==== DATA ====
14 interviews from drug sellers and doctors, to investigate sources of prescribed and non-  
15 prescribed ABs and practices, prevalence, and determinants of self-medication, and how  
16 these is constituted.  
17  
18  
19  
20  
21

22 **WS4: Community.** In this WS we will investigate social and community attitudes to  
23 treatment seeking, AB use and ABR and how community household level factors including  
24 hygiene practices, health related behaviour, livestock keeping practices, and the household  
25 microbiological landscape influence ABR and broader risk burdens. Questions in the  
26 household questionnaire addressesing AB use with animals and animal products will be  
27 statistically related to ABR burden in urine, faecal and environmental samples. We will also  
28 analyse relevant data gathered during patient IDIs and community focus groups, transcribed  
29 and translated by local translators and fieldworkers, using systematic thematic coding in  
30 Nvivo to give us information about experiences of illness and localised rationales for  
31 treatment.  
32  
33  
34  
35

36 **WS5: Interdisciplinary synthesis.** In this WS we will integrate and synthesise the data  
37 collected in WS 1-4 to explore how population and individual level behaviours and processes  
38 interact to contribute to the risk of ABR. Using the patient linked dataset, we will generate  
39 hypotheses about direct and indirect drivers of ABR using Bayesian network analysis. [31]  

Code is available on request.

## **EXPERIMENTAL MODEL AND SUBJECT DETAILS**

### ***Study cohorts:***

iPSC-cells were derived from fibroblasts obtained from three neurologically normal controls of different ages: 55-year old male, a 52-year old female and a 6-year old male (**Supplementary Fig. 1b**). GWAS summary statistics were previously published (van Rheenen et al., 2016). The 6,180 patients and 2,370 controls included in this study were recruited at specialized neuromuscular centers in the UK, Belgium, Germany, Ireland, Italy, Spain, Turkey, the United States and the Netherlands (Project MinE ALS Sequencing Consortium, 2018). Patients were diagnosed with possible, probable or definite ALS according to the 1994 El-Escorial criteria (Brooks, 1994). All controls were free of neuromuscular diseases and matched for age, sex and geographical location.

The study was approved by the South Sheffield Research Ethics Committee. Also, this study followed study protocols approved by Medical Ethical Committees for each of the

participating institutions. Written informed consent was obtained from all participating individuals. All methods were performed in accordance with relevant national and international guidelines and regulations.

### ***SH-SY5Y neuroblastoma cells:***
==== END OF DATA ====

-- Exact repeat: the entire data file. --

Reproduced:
14 interviews from drug sellers and doctors, to investigate sources of prescribed and non-  
15 prescribed ABs and practices, prevalence, and determinants of self-medication, and how  
16 these is constituted.  
17  
18  
19  
20  
21

22 **WS4: Community.** In this WS we will investigate social and community attitudes to  
23 treatment seeking, AB use and ABR and how community household level factors including  
24 hygiene practices, health related behaviour, livestock keeping practices, and the household  
25 microbiological landscape influence ABR and broader risk burdens. Questions in the  
26 household questionnaire addressesing AB use with animals and animal products will be  
27 statistically related to ABR burden in urine, faecal and environmental samples. We will also  
28 analyse relevant data gathered during patient IDIs and community focus groups, transcribed  
29 and translated by local translators and fieldworkers, using systematic thematic coding in  
30 Nvivo to give us information about experiences of illness and localised rationales for  
31 treatment.  
32  
33  
34  
35

36 **WS5: Interdisciplinary synthesis.** In this WS we will integrate and synthesise the data  
37 collected in WS 1-4 to explore how population and individual level behaviours and processes  
38 interact to contribute to the risk of ABR. Using the patient linked dataset, we will generate  
39 hypotheses about direct and indirect drivers of ABR using Bayesian network analysis. [31]  

Code is available on request.

## **EXPERIMENTAL MODEL AND SUBJECT DETAILS**

### ***Study cohorts:***

iPSC-cells were derived from fibroblasts obtained from three neurologically normal controls of different ages: 55-year old male, a 52-year old female and a 6-year old male (**Supplementary Fig. 1b**). GWAS summary statistics were previously published (van Rheenen et al., 2016). The 6,180 patients and 2,370 controls included in this study were recruited at specialized neuromuscular centers in the UK, Belgium, Germany, Ireland, Italy, Spain, Turkey, the United States and the Netherlands (Project MinE ALS Sequencing Consortium, 2018). Patients were diagnosed with possible, probable or definite ALS according to the 1994 El-Escorial criteria (Brooks, 1994). All controls were free of neuromuscular diseases and matched for age, sex and geographical location.

The study was approved by the South Sheffield Research Ethics Committee. Also, this study followed study protocols approved by Medical Ethical Committees for each of the

participating institutions. Written informed consent was obtained from all participating individuals. All methods were performed in accordance with relevant national and international guidelines and regulations.

### ***SH-SY5Y neuroblastoma cells:***